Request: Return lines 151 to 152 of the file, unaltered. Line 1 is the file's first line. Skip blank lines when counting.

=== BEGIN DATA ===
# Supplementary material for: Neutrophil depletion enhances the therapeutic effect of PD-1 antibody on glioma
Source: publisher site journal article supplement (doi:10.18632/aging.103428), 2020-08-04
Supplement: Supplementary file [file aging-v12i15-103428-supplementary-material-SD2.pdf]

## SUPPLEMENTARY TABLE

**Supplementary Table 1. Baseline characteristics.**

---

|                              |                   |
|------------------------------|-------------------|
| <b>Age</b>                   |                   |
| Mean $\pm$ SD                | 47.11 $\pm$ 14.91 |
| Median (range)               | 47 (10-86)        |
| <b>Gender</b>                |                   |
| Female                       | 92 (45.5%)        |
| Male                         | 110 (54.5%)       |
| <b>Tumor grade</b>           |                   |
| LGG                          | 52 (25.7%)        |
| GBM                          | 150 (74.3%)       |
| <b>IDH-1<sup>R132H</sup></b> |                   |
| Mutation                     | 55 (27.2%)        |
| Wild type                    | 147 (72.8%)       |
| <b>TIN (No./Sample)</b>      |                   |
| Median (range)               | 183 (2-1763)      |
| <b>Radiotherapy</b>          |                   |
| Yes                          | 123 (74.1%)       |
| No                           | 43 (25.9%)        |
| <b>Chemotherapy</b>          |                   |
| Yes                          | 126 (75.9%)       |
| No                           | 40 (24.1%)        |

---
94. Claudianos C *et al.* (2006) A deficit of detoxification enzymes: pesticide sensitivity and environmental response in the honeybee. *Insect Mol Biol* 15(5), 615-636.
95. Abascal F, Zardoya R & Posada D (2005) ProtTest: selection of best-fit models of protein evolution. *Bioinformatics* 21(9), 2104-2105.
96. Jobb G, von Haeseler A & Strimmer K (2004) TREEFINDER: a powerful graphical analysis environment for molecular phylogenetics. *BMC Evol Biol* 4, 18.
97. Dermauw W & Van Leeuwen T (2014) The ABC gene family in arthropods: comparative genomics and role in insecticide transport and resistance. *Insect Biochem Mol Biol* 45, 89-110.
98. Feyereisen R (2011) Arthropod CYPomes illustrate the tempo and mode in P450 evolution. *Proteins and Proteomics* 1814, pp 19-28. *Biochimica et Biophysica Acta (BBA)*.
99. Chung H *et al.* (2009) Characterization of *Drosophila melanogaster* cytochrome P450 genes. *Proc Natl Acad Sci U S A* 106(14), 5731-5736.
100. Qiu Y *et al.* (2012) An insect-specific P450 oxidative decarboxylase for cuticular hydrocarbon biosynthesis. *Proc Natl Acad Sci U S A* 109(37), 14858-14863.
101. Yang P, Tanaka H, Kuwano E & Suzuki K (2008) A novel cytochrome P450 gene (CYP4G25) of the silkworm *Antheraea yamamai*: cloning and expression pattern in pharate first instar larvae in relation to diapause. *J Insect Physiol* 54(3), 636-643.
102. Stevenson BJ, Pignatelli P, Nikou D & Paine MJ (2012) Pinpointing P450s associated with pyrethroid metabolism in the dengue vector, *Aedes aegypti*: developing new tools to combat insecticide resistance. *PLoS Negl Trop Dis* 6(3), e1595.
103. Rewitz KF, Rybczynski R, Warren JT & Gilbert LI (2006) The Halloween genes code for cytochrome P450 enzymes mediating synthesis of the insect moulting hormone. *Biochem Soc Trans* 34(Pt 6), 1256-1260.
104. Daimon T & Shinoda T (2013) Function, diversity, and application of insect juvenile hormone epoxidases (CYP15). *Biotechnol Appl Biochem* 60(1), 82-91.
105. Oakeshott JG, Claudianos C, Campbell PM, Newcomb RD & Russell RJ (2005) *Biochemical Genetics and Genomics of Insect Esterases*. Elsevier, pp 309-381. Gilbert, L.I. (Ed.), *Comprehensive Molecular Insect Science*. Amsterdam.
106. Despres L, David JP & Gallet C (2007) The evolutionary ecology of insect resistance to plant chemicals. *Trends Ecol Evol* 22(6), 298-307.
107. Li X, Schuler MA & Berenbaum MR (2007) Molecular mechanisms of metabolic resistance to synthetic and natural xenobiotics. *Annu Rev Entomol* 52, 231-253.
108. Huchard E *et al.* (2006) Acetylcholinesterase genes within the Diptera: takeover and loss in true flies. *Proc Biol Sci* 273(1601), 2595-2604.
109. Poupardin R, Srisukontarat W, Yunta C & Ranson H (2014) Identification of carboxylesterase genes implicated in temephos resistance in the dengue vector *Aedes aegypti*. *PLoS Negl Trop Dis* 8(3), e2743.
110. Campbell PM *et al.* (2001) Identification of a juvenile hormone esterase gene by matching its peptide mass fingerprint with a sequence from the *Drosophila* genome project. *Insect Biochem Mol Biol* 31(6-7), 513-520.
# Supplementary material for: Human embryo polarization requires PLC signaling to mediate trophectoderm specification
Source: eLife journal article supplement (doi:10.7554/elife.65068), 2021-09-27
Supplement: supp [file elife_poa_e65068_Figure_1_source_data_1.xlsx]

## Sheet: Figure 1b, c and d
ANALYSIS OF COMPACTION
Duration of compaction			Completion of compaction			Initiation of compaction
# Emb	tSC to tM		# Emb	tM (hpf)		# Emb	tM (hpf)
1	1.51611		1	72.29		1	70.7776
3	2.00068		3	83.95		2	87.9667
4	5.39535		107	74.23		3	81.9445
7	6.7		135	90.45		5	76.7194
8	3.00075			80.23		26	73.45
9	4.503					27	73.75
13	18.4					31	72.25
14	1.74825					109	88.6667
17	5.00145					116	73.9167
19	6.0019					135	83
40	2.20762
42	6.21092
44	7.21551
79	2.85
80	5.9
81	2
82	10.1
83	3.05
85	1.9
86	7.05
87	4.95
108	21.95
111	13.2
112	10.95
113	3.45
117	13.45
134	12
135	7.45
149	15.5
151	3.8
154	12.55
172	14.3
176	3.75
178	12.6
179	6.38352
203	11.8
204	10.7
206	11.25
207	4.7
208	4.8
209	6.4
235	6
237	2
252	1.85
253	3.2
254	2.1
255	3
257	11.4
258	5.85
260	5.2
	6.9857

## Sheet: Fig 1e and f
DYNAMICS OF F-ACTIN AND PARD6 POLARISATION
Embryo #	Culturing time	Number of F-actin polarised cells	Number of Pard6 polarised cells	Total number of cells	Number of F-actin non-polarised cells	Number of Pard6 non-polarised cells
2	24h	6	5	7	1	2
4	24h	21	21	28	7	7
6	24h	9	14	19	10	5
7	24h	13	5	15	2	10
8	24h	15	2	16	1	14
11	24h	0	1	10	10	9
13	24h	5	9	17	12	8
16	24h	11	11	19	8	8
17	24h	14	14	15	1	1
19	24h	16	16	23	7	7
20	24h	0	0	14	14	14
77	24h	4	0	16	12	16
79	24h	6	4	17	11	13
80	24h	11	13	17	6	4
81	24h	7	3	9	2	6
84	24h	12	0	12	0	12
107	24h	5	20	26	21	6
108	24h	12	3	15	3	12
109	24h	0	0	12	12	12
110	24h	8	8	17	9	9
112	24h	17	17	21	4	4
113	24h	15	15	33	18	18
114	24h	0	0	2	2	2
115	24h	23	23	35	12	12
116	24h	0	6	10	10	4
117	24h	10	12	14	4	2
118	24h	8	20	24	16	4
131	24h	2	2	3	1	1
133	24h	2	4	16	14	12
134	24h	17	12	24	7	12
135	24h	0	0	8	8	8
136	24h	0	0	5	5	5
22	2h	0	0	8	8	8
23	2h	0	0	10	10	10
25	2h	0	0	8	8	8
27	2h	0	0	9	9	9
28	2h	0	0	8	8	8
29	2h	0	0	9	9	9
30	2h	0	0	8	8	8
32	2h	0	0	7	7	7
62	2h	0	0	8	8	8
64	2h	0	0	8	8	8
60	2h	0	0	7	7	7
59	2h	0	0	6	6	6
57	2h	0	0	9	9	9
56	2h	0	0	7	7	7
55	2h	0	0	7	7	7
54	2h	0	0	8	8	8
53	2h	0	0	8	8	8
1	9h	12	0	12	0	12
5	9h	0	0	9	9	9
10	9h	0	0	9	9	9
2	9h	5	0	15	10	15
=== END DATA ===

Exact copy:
59	2h	0	0	6	6	6
57	2h	0	0	9	9	9